i.e.,

The optimum schedules of generation are prepared from the knowledge of the total available plant capacity, which must be in excess of the plant-generating capacity required in meeting the predicted load demand in satisfying the requirements for minimum running reserve capacity during the entire period of scheduling:

where STAC is the total available capacity in any sub-interval ‘t’, Srmin the minimum running reserve capacity, αit = 1, if the i th unit is in operation during sub-interval ‘t’; otherwise αit = 0

In addition, for a predicted load demand PD, the total generation output in sub-interval ‘t’ must be in excess of the load demand by an amount not less than the minimum running reserve capacity Srmin.

(without considering the transmission losses)

In case of consideration of transmission losses, the above equation becomes

The generator start-up and shut-down logic indicators δit and σit, respectively, should be unity during the corresponding sub-intervals of operation

4.7 UNIT COMMITMENT—SOLUTION METHODS

The most important techniques for the solution of a UC problem are:

  1. Priority-list schemes.
  2. Dynamic programming (DP) method.
  3. Lagrange’s relaxation (LR) method.

Now, we will explain the priority-list scheme and the DP method.

A simple shut-down rule or priority-list scheme could be obtained after an exhaustive enumeration of all unit combinations at each load level.

4.7.1 Enumeration scheme

A straightforward but highly time-consuming way of finding the most economical combination of units to meet a particular load demand is to try all possible combinations of units that can supply this load. This load is divided optimally among the units of each combination by the use of co-ordination equations so as to find the most economical operating cost of the combination. Then, the combination that has the least operating cost among all these is determined.

Some combinations will be infeasible if the sum of all maximum MW for the units committed is less than the load or if the sum of all minimum MW for the units committed is greater than the load.

Example 4.1: Let us consider a plant having three units. The cost characteristics and minimum and maximum limits of power generation (MW) of each unit are as follows:

Unit-1,

C1 = 0.002842P2G1 + 8.46 PG1 + 600.0 Rs./hr,     200 ≤ PG1 ≤ 650

Unit-2,

C2 = 0.002936P2G2 + 8.32 PG2 + 420.0 Rs./hr,     150 ≤ PG2 ≤ 450

Unit-3,

C3 = 0.006449P2G3 + 9.884 PG3 + 110.0 Rs./hr,     100 ≤ PG3 ≤ 300

To supply a total load of 600 MW most economically, the combinations of units and their generation status are tabulated in Table 4.1.

Number of combinations = 2n =23 = 8

 

TABLE 4.1 Combinations of the units and their status for the dispatch of a 600-MW load

Note: The least expensive was not to supply the generation with all three units running or even any combination involving two units. Rather, the optimum commitment was to run only unit-1, the most economic unit. By only running it, the load can be supplied by that unit operating closer to its best efficiency. If another unit is committed, both Unit-1 and the other unit will be loaded further from their best efficiency points such that the net cost is greater than unit-1 alone.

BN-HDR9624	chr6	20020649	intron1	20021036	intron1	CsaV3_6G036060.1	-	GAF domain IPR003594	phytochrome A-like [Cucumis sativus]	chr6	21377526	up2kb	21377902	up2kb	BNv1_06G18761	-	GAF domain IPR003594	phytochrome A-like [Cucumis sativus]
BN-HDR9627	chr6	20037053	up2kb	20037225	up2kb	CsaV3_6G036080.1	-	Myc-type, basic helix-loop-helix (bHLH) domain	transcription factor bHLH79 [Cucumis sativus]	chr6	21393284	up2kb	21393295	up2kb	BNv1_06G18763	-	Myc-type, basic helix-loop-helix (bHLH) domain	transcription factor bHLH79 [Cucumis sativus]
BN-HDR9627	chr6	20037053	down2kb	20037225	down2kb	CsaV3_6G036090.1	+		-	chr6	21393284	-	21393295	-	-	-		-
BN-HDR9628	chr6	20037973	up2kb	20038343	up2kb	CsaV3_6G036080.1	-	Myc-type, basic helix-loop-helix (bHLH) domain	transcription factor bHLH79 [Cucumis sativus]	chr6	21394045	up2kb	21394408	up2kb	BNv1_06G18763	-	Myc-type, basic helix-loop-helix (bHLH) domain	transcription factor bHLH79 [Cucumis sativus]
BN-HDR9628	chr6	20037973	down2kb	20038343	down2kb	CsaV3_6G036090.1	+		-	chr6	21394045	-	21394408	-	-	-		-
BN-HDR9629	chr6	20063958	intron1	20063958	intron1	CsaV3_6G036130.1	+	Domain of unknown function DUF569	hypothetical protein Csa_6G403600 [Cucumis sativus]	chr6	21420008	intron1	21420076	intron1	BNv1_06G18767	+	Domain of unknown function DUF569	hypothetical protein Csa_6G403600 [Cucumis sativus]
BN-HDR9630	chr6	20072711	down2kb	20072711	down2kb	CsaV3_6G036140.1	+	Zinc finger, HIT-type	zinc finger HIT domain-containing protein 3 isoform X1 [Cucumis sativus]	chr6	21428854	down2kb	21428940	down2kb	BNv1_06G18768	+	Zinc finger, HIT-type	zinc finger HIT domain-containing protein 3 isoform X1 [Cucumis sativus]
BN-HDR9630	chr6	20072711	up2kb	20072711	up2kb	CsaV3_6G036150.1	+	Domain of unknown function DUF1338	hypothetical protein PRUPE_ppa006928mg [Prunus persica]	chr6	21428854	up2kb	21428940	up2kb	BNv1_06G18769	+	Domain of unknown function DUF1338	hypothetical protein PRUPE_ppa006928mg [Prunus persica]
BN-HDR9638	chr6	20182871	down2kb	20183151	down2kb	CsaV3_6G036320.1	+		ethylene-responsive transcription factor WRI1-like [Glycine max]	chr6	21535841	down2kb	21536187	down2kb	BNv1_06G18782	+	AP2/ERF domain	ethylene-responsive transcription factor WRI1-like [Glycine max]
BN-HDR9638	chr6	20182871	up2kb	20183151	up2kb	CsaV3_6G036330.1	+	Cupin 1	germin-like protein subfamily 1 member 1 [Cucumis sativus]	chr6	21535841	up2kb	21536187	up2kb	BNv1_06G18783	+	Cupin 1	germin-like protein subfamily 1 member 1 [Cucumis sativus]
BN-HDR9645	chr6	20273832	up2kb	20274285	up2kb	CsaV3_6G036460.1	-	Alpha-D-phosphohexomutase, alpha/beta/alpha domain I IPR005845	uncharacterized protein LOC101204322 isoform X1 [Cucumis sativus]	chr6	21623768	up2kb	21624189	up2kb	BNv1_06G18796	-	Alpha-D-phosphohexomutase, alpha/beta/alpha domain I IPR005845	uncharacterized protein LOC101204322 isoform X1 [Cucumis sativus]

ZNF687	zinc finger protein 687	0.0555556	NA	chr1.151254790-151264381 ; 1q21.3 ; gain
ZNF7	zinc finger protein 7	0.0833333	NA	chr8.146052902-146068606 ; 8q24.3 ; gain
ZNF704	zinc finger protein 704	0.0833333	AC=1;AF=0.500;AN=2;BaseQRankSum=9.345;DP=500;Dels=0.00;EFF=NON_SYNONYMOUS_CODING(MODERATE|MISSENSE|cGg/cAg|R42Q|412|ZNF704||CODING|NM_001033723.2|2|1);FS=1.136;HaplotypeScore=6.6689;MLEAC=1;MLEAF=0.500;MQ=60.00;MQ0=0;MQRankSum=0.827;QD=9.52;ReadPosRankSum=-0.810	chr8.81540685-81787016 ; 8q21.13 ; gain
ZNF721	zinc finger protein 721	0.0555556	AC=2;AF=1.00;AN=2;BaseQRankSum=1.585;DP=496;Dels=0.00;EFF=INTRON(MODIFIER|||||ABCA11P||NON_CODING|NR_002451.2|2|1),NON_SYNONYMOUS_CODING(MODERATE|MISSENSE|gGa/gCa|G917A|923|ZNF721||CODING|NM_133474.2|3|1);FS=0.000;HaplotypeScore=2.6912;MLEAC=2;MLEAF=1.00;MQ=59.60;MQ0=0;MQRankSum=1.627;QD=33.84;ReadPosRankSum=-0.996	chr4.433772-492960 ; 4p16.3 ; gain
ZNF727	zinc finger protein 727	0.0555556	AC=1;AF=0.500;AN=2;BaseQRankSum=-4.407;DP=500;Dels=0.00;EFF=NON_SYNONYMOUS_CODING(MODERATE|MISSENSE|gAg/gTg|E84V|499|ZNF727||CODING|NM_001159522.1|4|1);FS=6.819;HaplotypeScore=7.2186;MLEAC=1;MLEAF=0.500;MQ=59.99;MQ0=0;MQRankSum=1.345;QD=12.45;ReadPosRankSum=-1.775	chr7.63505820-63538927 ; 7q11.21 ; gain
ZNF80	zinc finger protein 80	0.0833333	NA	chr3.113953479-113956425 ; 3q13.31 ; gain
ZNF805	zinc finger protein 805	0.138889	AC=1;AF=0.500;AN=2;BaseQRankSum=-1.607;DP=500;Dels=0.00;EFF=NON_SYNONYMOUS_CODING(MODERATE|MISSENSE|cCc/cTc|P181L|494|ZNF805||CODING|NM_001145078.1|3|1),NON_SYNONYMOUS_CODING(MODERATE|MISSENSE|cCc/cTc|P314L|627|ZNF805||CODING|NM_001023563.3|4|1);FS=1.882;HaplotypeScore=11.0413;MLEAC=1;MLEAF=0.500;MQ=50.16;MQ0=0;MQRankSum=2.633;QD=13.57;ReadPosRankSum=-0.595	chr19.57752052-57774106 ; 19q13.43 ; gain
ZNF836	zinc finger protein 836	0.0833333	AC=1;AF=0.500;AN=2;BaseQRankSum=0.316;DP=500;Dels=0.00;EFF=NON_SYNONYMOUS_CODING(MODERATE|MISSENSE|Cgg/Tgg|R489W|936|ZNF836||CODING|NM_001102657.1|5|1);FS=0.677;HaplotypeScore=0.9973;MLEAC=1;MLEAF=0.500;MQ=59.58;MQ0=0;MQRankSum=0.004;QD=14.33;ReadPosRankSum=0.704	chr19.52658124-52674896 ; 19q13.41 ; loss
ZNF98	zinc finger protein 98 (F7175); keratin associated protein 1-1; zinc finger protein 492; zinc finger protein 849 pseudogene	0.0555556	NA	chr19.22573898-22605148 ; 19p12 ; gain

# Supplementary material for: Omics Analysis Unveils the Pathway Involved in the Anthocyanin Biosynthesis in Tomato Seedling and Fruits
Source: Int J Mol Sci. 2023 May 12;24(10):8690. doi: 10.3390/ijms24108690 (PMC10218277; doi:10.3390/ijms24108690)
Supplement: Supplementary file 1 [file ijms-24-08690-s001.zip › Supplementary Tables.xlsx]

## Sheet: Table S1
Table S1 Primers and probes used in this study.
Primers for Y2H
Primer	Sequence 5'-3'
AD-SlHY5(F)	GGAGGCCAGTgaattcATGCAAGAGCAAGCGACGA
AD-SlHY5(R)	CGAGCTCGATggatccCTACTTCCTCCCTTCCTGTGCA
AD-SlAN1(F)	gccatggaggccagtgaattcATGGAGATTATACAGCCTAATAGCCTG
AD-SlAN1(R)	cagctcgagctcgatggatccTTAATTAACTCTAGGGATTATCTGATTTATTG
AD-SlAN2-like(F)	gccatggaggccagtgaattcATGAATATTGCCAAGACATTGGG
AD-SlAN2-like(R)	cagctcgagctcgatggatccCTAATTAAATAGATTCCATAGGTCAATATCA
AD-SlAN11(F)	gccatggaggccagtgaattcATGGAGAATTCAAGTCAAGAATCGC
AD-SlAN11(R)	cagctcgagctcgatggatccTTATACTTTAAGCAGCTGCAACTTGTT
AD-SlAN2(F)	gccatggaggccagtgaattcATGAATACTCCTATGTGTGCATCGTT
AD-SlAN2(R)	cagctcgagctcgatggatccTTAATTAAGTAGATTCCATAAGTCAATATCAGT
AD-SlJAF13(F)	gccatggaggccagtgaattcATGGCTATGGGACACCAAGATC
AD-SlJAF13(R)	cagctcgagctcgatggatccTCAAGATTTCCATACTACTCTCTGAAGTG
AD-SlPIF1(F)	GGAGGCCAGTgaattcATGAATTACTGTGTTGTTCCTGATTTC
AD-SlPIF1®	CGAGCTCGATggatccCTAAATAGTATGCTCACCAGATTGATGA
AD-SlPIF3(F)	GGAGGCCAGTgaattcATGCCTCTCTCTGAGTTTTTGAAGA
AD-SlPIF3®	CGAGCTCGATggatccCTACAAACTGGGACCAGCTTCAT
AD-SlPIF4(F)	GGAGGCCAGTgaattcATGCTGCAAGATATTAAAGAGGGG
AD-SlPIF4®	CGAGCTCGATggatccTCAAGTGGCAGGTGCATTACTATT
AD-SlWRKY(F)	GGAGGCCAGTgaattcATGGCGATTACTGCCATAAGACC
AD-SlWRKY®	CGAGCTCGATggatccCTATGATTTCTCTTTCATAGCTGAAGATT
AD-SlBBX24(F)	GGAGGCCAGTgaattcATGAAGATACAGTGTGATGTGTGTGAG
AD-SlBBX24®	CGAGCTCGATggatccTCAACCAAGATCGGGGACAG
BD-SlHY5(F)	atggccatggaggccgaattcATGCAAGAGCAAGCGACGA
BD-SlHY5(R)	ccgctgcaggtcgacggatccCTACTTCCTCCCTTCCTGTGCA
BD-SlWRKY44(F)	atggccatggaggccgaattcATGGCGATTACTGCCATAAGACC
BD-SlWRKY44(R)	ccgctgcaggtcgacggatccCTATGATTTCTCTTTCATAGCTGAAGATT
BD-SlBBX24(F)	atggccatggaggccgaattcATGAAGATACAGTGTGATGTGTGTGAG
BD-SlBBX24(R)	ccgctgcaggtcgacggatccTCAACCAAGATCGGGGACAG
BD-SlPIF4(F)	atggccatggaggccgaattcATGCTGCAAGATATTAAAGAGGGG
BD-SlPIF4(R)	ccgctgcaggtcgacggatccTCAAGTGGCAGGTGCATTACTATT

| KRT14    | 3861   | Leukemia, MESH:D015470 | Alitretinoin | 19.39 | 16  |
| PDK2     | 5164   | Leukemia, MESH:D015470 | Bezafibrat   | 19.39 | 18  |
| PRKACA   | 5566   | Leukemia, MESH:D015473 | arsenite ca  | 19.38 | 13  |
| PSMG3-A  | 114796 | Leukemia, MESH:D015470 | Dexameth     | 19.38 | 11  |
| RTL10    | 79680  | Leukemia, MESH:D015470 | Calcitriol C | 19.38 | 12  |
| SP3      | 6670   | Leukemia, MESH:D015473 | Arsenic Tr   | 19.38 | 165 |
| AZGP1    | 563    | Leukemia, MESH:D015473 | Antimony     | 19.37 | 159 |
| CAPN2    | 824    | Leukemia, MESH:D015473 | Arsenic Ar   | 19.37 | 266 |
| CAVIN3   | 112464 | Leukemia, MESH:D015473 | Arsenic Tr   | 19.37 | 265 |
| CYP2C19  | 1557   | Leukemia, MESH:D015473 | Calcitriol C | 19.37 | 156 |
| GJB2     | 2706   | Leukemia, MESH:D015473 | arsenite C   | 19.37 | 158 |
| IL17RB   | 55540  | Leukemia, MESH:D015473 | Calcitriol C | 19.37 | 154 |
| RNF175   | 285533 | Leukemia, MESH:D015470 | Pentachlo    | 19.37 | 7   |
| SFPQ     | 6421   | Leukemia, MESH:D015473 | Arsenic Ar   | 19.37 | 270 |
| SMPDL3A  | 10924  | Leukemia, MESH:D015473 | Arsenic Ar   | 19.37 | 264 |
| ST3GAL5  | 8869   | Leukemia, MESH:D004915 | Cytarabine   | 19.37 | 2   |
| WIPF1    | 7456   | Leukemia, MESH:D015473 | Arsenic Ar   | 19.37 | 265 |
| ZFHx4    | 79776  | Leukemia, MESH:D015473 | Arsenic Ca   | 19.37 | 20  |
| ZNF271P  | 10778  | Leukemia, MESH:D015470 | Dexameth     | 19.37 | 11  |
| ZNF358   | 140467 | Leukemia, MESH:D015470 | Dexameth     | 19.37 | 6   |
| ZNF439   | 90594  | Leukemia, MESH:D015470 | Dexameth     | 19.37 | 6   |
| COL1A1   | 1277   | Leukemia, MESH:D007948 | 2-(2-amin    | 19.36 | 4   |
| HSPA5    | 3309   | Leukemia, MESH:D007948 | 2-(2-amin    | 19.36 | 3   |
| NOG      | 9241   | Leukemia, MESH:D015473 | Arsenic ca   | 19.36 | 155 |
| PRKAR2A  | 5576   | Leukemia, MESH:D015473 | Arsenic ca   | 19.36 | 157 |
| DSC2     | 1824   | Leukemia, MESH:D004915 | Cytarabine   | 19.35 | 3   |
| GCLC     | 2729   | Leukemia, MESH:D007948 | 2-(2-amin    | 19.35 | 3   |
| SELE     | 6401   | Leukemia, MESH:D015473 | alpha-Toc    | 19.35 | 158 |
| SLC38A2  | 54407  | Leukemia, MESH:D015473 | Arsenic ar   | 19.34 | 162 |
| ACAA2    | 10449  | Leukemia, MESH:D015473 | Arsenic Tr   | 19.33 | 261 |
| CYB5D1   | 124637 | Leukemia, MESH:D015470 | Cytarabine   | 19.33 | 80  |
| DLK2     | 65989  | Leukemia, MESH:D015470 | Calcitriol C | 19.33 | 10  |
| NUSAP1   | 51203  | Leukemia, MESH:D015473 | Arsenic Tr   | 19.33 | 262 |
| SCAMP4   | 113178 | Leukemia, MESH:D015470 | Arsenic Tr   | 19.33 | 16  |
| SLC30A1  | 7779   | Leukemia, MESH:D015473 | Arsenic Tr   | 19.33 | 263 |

FIG. 4.3 Simple peak–valley load pattern

4.7.1.1 UC operation of simple peak–valley load pattern: shut-down rule

Let us assume that the load follows a simple ‘peak–valley’ pattern as shown in Fig. 4.3.

To optimize the system operation, some units must be shut down as the load decreases and is then recommitted (put into service) as it goes back up.

One approach called the ‘shut-down rule’ must be used to know which units to drop and when to drop them. A simple priority-list scheme is to be developed from the ‘shut-down rule’.

Consider the example, with the load varying from a peak of 1,400 MW to a valley of 600 MW (Table 4.2). To obtain a ‘shut-down rule’, we simply use a brute-force technique wherein all combinations of units will be tried for each load level taken in steps of some MW (here 50 MW).

 

TABLE 4.2 Shut-down rule derivation

From the above table, we can observe that for the load above 1,100 MW, running all the three units is economical; between 1,100 and 700 MW running the first and second units is economical. For below 700 MW, running of only Unit-1 is economical as shown in Fig. 4.4.

FIG. 4.4 UC schedule using the shut-down rule

TABLE 4.3 Priority ordering of units

TABLE 4.4 Priority list for supply of 1,400 MW

Combination of units For combination PGmin For combination PGmax

2, 1, and 3

50
1,400

2 and 1

350
1,100

2

150
450

4.7.2 Priority-list method

A simple but sub-optimal approach to the problem is to impose priority ordering, wherein the most efficient unit is loaded first to be followed by the less efficient units in order as the load increases.

In this method, first we compute the full-load average production cost of each unit. Then, in the order of ascending costs, the units are arranged to commit the load demand.

For Example 4.1, we construct a priority list as follows:

First, the full-load average production cost will be calculated.

The full-load average production cost of Unit-1 = 9.79 Rs./MWh.

The full-load average production cost of Unit-2 = 9.48 Rs./MWh.

The full-load average production cost of Unit-3 = 11.188 Rs./MWh.

A priority order of these units based on the average production is as follows (Table 4.3):